In astronomy, a celestial coordinate system is a system for specifying positions of celestial objects: satellites, planets, stars, galaxies, and so on. Coordinate systems can specify a position in 3-dimensional space, or merely the direction of the object on the celestial sphere, if its distance is not known or not important.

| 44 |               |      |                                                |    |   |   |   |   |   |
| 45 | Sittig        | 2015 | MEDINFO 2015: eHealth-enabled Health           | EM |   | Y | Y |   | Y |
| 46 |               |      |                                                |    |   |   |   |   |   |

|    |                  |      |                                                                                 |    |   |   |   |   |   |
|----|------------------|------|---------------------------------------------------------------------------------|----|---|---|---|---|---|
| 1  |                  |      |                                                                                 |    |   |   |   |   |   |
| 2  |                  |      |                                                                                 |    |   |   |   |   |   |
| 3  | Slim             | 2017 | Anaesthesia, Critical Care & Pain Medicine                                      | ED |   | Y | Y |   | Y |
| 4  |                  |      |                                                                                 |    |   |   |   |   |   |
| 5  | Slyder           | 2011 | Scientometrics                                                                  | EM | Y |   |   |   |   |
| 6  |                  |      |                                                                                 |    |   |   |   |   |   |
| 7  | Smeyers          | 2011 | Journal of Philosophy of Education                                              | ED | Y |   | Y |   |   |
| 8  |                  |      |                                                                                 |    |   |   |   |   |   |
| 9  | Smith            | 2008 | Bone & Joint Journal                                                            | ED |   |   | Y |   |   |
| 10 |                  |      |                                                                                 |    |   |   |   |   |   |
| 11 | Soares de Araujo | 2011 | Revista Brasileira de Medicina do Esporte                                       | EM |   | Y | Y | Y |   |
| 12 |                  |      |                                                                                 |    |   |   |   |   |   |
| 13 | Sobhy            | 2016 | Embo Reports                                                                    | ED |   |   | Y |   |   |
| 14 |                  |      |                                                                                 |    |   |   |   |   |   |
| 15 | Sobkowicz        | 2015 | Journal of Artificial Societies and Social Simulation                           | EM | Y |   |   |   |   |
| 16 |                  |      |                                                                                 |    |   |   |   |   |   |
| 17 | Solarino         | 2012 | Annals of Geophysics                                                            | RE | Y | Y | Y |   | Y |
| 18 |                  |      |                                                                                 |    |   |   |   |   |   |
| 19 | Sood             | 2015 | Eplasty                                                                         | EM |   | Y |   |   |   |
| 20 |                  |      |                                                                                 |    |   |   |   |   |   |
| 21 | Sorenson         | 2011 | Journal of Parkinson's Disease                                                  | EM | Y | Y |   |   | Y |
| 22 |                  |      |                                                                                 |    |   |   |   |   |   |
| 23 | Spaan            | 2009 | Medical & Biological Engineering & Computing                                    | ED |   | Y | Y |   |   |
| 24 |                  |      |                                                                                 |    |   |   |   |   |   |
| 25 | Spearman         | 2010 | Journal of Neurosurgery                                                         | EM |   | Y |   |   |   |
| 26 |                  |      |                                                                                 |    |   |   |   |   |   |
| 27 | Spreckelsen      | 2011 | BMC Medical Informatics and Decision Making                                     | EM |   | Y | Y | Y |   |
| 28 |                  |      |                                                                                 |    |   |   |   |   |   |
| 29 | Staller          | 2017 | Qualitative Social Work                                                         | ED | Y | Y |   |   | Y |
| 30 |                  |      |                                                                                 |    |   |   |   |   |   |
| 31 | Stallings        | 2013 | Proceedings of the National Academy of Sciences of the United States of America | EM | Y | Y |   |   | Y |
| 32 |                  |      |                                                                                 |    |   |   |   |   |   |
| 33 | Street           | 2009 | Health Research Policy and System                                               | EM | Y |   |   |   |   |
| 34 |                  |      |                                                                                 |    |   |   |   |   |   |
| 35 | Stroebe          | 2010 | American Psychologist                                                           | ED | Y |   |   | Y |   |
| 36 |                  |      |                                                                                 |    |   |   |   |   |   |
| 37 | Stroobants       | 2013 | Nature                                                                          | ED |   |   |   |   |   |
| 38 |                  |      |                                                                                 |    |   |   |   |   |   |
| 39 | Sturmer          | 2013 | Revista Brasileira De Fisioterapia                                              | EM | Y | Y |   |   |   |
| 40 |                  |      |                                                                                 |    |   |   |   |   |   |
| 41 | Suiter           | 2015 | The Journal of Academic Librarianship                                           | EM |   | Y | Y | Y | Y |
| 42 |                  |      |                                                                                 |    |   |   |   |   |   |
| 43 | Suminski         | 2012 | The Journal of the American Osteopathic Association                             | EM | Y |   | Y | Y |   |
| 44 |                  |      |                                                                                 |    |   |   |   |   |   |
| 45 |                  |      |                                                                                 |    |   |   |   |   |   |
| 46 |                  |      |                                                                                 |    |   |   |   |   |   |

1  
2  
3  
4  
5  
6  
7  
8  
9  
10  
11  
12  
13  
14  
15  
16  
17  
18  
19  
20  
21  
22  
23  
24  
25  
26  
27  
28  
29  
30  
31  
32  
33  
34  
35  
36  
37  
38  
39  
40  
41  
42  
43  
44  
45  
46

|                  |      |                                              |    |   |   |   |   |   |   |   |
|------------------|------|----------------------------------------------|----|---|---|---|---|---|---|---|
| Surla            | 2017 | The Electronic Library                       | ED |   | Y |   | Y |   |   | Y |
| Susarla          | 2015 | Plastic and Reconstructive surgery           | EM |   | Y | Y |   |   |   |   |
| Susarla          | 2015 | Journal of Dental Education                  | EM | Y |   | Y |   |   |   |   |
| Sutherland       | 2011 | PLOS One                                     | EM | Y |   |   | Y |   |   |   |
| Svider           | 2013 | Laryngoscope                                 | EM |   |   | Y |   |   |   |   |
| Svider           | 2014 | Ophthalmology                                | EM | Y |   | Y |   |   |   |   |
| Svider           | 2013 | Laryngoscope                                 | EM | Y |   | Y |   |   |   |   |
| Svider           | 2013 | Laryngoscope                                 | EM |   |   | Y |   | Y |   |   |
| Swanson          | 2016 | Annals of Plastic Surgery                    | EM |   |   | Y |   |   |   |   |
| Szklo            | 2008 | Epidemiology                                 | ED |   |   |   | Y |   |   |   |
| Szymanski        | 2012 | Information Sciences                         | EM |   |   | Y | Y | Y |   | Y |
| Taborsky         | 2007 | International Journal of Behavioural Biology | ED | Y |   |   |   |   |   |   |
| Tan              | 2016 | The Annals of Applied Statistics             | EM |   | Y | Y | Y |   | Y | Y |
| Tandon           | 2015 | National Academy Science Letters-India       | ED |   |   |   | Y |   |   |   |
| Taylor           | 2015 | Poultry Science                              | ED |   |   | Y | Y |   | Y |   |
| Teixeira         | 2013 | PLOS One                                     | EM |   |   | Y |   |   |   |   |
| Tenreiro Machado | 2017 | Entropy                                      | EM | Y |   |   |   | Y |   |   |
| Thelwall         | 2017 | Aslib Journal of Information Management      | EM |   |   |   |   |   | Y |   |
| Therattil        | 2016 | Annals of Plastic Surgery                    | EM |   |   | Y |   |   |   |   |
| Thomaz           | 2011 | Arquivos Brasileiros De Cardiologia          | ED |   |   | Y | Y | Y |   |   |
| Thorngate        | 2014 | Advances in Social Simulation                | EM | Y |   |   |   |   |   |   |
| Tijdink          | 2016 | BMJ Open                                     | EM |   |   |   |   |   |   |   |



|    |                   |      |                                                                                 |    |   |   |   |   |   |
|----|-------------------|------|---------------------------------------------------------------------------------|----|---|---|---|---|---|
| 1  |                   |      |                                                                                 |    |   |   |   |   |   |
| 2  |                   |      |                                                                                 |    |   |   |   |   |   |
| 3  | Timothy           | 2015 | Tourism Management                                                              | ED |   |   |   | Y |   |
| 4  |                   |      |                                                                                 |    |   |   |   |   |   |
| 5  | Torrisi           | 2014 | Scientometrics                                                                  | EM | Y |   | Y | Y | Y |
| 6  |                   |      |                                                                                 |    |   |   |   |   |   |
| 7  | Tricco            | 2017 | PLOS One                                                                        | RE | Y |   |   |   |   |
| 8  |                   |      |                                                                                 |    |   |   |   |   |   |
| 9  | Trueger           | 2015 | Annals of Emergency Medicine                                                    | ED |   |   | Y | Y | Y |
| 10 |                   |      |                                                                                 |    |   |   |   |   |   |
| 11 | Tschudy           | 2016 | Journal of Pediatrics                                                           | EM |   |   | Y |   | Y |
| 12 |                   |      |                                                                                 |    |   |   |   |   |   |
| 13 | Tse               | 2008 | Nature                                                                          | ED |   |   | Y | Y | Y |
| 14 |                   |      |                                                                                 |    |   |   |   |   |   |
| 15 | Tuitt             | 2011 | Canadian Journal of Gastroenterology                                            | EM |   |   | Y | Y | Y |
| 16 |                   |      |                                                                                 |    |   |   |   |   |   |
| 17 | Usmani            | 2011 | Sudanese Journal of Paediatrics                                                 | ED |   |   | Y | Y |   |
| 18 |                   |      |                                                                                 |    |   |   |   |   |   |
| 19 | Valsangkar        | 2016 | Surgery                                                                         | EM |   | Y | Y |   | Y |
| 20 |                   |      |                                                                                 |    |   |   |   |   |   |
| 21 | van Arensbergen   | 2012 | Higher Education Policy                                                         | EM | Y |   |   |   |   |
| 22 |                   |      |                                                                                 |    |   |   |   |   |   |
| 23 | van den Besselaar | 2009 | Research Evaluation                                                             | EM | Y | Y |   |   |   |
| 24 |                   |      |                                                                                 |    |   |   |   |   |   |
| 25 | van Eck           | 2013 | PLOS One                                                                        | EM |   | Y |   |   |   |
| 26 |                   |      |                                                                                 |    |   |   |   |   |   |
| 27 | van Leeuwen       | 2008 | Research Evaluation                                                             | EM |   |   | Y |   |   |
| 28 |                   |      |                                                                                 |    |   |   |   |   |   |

The coordinate systems are implemented in either spherical coordinates or rectangular coordinates. Spherical coordinates, projected on the celestial sphere, are analogous to the geographic coordinate system used on the surface of the Earth. These differ in their choice of fundamental plane, which divides the celestial sphere into two equal hemispheres along a great circle. Rectangular coordinates, in appropriate units, are simply the cartesian equivalent of the spherical coordinates, with the same fundamental (x,y) plane and primary (x-axis) direction. Each coordinate system is named for its choice of fundamental plane.